So it is hardly surprising that Jesus would also have had Brothers named "James" and "Joseph" in addition to His cousins and (legal) father... especially since the Scriptures expressly declare that Jesus had brothers named James and Joseph, in addition to at least three similarly-named cousins (who are directly indentified in Scripture as His cousins by their specific identification with His aunts, whereas His brothers are directly indentified in Scripture as His brothers by their specific identification with His mother -- again see Matthew 12:46-13:55)

The question to be asked, especially in regard to James the Righteous (who was specifically identified as the son of Jesus' mother in Matthew 13), as distinct from James the Lesser (who was specifically identified as the son of Jesus' aunt in Matthew 10), is: "Are they really the SAME PERSON?"

And the answer is -- NO, THEY AREN'T. Despite the fact that James the Lesser is identified in Scripture as the son of Jesus' aunt (Matt. 10), whereas James the Righteous is identified in Scripture as the son of Jesus' mother (Matt. 13) -- which really ought be plain enough -- the Scriptural Chronology of Matthew makes the attempted equivalency of these two separate individuals an outrageous impossibility.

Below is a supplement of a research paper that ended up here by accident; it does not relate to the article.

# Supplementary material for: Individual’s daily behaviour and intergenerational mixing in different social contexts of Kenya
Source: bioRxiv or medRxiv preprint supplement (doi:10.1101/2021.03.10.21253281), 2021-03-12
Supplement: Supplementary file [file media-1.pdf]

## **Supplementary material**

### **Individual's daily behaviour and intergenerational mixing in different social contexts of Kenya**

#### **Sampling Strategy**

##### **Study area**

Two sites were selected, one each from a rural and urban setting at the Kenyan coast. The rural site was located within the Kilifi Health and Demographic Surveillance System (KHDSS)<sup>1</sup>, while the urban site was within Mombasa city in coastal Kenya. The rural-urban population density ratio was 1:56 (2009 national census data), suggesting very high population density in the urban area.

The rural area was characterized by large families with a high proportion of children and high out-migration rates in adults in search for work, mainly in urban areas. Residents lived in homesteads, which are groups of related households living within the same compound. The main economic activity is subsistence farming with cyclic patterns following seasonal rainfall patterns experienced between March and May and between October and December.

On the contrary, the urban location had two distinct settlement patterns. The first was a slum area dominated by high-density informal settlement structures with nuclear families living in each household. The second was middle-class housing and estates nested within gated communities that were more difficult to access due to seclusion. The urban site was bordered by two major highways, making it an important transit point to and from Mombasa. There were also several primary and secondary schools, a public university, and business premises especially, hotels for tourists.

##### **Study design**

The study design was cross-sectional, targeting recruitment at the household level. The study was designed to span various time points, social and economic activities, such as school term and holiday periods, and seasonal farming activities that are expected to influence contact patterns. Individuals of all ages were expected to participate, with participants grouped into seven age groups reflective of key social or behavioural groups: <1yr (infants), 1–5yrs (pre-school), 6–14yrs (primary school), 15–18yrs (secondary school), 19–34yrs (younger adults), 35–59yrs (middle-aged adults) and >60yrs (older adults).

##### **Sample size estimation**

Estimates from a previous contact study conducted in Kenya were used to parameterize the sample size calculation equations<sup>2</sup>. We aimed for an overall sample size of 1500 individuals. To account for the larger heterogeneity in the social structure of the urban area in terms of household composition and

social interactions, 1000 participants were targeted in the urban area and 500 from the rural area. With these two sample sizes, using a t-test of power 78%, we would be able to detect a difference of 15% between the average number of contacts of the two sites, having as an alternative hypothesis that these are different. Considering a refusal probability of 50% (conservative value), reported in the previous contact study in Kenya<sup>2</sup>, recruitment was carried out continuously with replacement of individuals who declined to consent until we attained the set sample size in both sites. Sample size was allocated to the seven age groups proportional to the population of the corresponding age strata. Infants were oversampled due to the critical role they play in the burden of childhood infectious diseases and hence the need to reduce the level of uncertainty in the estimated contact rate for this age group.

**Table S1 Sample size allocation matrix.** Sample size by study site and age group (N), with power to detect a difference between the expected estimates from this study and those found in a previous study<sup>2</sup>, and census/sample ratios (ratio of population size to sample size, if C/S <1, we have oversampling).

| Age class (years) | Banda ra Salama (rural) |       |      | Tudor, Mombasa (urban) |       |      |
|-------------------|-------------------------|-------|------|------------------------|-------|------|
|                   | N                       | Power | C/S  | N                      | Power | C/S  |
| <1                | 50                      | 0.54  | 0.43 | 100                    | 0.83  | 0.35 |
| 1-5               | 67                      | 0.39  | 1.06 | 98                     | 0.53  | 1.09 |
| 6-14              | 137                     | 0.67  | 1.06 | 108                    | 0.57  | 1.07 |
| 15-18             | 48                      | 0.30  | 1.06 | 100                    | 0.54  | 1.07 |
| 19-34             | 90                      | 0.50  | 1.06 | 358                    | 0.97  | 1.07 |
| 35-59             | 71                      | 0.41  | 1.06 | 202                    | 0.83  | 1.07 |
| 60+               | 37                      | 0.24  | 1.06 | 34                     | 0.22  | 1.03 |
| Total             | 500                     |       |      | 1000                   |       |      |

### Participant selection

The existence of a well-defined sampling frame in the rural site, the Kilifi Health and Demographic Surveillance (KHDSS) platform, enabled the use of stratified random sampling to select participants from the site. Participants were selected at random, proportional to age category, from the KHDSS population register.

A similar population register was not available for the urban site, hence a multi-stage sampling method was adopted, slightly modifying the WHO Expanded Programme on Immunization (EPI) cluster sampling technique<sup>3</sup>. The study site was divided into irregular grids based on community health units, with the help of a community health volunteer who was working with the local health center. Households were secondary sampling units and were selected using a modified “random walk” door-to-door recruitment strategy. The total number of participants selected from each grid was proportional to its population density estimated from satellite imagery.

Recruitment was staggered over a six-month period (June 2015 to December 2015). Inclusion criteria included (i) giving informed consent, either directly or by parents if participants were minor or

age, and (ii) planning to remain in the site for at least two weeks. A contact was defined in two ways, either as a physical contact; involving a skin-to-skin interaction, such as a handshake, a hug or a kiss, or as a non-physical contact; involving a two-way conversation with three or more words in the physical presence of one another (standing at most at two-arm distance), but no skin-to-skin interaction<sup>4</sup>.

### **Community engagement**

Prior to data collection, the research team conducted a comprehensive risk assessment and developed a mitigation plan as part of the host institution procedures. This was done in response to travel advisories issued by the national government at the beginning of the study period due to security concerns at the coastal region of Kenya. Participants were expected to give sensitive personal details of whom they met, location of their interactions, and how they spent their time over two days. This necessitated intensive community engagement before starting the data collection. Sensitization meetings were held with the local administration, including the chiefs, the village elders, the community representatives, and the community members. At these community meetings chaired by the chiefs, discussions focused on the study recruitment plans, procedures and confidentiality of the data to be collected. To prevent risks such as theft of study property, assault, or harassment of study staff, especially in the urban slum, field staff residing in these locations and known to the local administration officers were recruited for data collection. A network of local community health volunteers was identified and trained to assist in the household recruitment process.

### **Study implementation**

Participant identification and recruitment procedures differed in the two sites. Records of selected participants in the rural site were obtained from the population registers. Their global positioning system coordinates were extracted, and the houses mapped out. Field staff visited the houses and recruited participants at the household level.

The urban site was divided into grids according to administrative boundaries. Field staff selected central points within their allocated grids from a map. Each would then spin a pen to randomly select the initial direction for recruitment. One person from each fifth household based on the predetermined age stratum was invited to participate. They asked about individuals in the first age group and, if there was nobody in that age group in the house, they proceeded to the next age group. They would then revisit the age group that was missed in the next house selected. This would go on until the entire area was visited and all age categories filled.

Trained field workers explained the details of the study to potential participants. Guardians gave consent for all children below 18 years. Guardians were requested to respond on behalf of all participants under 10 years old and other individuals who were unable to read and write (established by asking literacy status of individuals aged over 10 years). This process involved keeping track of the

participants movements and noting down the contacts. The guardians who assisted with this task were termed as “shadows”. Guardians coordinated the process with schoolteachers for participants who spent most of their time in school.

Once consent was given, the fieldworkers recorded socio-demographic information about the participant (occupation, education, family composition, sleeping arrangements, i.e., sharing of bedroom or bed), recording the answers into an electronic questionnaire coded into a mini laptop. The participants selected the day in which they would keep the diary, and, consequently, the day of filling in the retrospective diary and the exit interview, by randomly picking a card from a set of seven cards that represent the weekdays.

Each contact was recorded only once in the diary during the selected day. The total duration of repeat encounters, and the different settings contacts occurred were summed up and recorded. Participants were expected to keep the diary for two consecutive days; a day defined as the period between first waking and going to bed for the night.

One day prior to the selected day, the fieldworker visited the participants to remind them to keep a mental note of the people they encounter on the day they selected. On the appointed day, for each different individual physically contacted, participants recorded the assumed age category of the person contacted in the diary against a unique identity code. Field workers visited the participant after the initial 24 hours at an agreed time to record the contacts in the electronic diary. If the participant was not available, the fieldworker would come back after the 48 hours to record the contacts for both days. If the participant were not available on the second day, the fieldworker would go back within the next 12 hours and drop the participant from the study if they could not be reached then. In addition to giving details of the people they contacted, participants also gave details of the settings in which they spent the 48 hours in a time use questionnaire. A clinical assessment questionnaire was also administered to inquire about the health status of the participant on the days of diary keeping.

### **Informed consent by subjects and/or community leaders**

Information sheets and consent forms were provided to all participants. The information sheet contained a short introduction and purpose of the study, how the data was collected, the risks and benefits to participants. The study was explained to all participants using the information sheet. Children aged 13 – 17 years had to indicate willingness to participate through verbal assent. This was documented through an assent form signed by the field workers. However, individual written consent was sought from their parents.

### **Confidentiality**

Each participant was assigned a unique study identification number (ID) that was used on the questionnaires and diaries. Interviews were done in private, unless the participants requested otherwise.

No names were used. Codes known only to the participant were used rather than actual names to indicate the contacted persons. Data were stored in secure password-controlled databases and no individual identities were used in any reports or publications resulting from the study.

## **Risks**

James the Lesser (His cousin) is identified in Matthew 10 as a Believer and a Follower of Jesus who followed Him all over the countryside and indeed, worked marvelous miracles in His name. By contrast, James the Righteous (His brother) is indentified in Matthew 13 as an UnBeliever who had remained in Nazareth all this time and was called upon by the Nazarene locals as a Witness against His messianic claims.

So, returning to the point:

John Calvin may be the founder of my denomination, but Calvin really had very little to say on this subject -- other than parroting the existing Roman Catholic party line.